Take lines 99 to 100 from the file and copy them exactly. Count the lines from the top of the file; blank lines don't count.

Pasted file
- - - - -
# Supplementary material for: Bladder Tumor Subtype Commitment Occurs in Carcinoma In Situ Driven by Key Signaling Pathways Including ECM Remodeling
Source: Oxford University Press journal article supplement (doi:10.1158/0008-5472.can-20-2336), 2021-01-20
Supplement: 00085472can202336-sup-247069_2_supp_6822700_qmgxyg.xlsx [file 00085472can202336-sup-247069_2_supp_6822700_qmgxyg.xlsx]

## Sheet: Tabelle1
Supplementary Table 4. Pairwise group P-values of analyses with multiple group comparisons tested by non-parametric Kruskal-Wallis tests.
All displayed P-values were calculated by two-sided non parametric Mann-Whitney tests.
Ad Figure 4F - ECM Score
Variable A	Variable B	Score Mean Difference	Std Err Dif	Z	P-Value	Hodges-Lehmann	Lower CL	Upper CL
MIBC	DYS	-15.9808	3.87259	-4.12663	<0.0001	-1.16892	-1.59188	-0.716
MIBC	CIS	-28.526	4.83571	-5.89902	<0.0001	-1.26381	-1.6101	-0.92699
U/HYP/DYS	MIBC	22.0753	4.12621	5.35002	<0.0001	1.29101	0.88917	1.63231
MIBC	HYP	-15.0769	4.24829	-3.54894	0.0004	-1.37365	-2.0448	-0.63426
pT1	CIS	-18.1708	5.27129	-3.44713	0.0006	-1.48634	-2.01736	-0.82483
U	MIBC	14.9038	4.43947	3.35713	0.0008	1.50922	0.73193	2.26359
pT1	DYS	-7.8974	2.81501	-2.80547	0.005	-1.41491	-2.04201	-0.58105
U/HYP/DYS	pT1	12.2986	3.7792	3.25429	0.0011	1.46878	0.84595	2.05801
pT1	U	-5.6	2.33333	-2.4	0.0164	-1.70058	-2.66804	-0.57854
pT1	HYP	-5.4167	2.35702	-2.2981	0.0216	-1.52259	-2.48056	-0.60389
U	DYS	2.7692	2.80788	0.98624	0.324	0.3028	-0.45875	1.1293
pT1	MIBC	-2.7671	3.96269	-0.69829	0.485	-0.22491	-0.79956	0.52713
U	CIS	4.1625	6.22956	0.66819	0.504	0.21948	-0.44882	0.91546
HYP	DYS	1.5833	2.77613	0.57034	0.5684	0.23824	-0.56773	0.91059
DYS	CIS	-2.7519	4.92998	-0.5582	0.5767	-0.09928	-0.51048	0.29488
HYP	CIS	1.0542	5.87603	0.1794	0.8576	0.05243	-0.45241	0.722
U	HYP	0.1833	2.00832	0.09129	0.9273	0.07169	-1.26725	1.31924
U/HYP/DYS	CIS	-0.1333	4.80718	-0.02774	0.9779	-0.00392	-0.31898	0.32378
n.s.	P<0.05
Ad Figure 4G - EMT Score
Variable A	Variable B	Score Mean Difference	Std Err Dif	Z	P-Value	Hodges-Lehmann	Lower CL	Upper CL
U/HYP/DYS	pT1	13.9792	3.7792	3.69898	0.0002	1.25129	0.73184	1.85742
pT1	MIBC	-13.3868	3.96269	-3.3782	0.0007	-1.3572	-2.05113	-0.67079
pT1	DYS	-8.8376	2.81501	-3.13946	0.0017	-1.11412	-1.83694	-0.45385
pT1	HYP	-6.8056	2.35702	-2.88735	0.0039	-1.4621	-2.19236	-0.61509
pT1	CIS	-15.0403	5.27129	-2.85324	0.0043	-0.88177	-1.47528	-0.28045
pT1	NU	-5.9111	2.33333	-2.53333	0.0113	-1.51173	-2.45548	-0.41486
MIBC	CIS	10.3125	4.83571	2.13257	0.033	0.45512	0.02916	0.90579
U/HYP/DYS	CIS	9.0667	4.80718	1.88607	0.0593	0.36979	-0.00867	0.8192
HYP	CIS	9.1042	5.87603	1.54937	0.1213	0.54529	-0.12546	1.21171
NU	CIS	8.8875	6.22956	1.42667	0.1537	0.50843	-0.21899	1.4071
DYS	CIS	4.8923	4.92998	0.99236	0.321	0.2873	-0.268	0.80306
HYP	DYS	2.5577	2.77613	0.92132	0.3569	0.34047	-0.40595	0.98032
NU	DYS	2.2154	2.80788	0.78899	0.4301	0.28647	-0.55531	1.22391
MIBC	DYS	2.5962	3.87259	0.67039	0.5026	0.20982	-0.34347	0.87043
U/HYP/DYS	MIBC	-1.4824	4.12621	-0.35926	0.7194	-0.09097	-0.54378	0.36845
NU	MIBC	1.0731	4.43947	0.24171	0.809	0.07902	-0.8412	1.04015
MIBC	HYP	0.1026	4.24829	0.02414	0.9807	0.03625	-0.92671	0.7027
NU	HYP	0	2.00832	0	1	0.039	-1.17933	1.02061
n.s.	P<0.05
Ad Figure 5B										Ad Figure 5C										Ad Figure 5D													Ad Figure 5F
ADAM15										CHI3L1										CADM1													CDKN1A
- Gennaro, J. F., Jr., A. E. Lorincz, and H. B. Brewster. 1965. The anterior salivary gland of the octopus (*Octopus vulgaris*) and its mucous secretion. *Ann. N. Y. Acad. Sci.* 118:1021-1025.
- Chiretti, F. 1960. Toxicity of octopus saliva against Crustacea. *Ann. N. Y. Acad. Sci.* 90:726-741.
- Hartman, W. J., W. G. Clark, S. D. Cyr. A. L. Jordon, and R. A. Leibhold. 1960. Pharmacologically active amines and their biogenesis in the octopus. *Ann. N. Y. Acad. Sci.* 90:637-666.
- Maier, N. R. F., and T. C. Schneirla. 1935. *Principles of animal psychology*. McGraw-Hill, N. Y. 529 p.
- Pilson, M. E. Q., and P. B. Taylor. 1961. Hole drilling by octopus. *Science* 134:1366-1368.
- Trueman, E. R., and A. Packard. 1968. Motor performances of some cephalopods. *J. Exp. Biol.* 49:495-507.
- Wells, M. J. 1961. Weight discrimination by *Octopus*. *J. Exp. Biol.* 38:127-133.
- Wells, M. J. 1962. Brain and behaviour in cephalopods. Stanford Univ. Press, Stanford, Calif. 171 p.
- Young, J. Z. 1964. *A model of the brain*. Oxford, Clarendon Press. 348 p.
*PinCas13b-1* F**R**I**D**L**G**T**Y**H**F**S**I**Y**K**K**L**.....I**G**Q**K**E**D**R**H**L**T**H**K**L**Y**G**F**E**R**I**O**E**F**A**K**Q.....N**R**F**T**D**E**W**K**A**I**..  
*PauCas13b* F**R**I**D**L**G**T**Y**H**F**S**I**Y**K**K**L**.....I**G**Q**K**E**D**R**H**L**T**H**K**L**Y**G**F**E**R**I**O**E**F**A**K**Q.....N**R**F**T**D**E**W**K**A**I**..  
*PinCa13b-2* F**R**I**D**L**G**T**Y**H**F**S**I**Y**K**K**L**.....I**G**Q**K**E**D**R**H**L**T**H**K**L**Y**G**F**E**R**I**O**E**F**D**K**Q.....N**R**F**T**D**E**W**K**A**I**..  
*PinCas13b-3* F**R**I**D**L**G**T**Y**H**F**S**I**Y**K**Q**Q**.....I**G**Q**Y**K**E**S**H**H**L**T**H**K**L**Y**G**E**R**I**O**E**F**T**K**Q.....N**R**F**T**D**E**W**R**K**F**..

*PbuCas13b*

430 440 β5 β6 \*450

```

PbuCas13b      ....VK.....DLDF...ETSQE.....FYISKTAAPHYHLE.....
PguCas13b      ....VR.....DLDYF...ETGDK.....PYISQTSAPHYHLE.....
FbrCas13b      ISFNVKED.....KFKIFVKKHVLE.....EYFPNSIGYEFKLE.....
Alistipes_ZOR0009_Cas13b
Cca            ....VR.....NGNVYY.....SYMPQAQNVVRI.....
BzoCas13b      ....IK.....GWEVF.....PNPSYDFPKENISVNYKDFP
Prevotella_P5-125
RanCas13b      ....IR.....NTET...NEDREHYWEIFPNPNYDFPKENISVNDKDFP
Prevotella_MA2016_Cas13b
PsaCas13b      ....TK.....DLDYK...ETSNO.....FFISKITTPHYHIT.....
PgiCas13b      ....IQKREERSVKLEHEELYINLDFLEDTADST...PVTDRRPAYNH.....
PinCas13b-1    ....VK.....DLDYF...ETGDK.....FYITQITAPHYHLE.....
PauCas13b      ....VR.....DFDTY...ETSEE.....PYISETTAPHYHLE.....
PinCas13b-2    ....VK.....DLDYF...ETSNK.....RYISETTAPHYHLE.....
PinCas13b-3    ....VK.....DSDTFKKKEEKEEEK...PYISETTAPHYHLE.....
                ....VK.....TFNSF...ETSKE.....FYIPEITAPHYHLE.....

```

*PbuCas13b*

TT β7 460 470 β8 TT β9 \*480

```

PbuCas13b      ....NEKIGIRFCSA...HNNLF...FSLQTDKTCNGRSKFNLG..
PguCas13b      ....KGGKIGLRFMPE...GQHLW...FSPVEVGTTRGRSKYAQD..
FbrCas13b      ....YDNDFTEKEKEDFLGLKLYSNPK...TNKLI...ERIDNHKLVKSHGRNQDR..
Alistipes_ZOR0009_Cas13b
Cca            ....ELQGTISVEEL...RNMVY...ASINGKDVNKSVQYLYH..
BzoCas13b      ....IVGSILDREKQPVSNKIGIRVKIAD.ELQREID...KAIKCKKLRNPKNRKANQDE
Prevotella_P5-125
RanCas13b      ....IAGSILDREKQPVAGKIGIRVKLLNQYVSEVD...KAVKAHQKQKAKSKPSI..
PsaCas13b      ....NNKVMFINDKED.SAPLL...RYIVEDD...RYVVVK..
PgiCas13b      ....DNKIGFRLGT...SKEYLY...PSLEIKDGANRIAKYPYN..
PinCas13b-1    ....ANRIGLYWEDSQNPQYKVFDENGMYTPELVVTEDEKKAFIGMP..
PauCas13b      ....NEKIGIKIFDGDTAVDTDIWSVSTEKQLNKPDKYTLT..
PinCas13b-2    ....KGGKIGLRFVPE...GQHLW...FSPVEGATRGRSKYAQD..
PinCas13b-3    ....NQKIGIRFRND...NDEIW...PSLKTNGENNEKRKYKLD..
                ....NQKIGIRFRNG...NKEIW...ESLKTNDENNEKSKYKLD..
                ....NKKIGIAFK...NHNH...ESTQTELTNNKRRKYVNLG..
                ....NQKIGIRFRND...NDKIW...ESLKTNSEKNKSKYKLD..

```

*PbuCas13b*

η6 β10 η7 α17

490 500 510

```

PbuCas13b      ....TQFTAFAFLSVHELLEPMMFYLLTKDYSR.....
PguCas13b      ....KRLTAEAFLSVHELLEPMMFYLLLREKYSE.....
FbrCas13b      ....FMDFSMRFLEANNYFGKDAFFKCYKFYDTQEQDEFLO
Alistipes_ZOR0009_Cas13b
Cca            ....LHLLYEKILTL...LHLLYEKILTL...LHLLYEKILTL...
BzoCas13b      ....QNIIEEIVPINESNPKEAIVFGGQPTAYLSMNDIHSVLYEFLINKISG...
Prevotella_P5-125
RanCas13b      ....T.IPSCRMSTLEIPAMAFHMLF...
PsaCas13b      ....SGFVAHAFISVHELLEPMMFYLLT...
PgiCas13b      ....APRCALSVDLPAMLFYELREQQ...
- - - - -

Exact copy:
PinCas13b-2    ....KGGKIGLRFVPE...GQHLW...FSPVEGATRGRSKYAQD..
PinCas13b-3    ....NQKIGIRFRND...NDEIW...PSLKTNGENNEKRKYKLD..